Methamphetamine is also the most common illicit drug used in the Philippines, where there is an estimated 1.8 million users of the drug (1999 National Household Survey) and methamphetamine accounts for the majority of drug-related treatment admissions. The main form of methamphetamine used in the Philippines is the high purity crystalline form called shabu (or 'ice'). Most users smoke the drug, although there have been reports of methamphetamine injection (Balmes, 2002).
Use of ATS has also increased in China where there is also substantial production and trafficking of the drug, including the high purity crystalline methamphetamine that is used in the neighbouring countries of Japan and the Philippines. Use of amphetamine-type drugs in China includes 'ice' but also other forms of ATS, particularly ecstasy, known locally as 'shake head pill'. There has been an increase in the use of ATS pills in several other Southeast Asian countries, such as Vietnam, Laos People's Democratic Republic (PDR) and Cambodia. Use in these countries is still relatively low. However, there are signs that use is beginning to spread (Zhimin, Xianxiang & Jiaqi, in press).
The dramatic increase in the supply and consumption of ATS within the Southeast Asian region has implications for Australia because of the geographic proximity and the potential 'spill over' of the market into Australia. Importation of high purity crystalline methamphetamine from Southeast Asia to Australia is already occurring. The use of this form of the drug presents a particular concern because of the increased risk of dependence, psychosis and other health and social consequences. At the same time, domestic production and use of methamphetamine has also increased. New Zealand has witnessed a similar increase in methamphetamine use, with past year prevalence increasing from 2.9% in 1998 to 5.0% in 2001 (Wilkins, Bhatta & Casswell, 2002) and increased availability of more pure forms of methamphetamine, referred to locally as 'pure' or 'p'. The increased use of methamphetamine, particularly more pure forms of the drug, has also prompted concern about the impact on increasing levels of psychosis and violent behaviour associated with use of the drug and options for treating dependence. A later section of this chapter discusses patterns of methamphetamine use in Australia in more detail.Top of page
EcstasyExperimental or infrequent use of 'ecstasy' type drugs appears to be on the rise in many regions of the world. This increase is most noticeable across the Americas and in Central and Eastern Europe, where increased exposure to ecstasy use among young people has been documented. Increases in ecstasy use have also been noted in Australia and in some countries in Southeast Asia.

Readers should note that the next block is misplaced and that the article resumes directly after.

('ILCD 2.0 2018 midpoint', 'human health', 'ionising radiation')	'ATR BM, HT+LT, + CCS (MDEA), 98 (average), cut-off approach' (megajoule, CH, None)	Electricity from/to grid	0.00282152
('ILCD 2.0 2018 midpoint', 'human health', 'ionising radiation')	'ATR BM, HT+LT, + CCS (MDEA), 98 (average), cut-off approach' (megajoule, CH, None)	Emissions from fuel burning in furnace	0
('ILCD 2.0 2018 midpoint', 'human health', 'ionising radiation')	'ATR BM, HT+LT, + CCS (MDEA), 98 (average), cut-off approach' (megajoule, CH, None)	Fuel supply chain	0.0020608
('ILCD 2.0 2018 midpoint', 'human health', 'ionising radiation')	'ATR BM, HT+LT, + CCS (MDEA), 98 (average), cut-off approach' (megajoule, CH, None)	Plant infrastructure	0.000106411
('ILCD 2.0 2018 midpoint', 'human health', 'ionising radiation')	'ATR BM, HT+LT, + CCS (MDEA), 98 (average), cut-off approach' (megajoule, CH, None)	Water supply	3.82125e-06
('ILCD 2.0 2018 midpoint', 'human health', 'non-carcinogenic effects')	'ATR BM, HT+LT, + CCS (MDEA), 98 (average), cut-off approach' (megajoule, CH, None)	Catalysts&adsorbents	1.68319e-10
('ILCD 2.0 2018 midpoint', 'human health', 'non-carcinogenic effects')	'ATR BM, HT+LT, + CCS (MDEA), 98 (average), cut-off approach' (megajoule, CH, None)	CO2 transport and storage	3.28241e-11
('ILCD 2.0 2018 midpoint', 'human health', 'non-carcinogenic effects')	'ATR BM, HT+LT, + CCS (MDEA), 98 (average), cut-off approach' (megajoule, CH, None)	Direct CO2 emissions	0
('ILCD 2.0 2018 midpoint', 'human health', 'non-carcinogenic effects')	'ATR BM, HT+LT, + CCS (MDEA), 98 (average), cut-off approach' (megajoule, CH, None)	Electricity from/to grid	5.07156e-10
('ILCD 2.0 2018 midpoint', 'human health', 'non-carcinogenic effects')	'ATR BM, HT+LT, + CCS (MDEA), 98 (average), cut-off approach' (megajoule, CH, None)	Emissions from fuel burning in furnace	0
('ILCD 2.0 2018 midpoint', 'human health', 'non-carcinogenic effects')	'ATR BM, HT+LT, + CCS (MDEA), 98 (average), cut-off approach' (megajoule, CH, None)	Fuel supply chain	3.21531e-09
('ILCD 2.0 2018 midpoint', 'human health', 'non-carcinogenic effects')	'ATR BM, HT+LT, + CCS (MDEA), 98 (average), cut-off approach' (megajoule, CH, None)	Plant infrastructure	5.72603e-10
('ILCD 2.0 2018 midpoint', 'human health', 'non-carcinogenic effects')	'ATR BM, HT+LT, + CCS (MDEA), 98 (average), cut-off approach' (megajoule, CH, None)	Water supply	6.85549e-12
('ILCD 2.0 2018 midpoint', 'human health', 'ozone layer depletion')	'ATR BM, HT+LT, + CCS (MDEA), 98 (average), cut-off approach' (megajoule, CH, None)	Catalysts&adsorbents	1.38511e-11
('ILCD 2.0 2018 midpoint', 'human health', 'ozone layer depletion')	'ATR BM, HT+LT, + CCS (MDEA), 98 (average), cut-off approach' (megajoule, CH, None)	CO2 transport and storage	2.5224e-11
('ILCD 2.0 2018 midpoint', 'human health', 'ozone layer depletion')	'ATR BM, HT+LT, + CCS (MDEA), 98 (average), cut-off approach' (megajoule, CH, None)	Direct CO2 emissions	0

In Europe the use of ecstasy type drugs has become an established aspect of specific recreational settings (dance parties) where the drug is taken among youth, combined with increasing experimentation with other synthetic drugs. With respect to the use of ecstasy there has been a clear upward trend in both Western and Eastern European cities (Bless, Kemmesies & Diemel, 2000). However, the most recent data from the European Union region shows that lifetime experience of ecstasy among the general population is still well below 5% in most countries (European Monitoring Centre for Drugs and Drug Addiction (EMCDDA), 2002), which is slightly lower than levels seen in Australia (6%) (Australian Institute of Health and Welfare, 2002a). However, much of the 'ecstasy' taken in Australia may actually be methamphetamine pills, so it is difficult to make accurate comparisons across countries (Australian Bureau of Criminal Intelligence, 2002).
Increased ecstasy use is a particular concern in the USA at the moment. Around 4% of the population have ever used ecstasy, with exposure to the drug having increased significantly since 2000 (2.9% vs. 3.6%) (Substance Abuse and Mental Health Services Administration (SAMHSA), 2002). Increased ecstasy use has been noted in many regions of the country and has been reflected in a rise in the number of emergency room admissions where ecstasy has been implicated (Community Epidemiological Work Group (CEWG), 2002). Increased use of ecstasy was particularly notable among older school students where levels of use in the past year have risen sharply from around 4% in 1996-98 to just over 9% in 2001 (Johnston, O'Malley & Bachman, 2002). Designer drugs such as ecstasy have also emerged as popular drugs in Canada, mainly among youth. In Ontario, past-year ecstasy use among students had increased from 0.6% in 1993 to 6% in 2001 (Adlaf, Paglia & Ivis, 2000).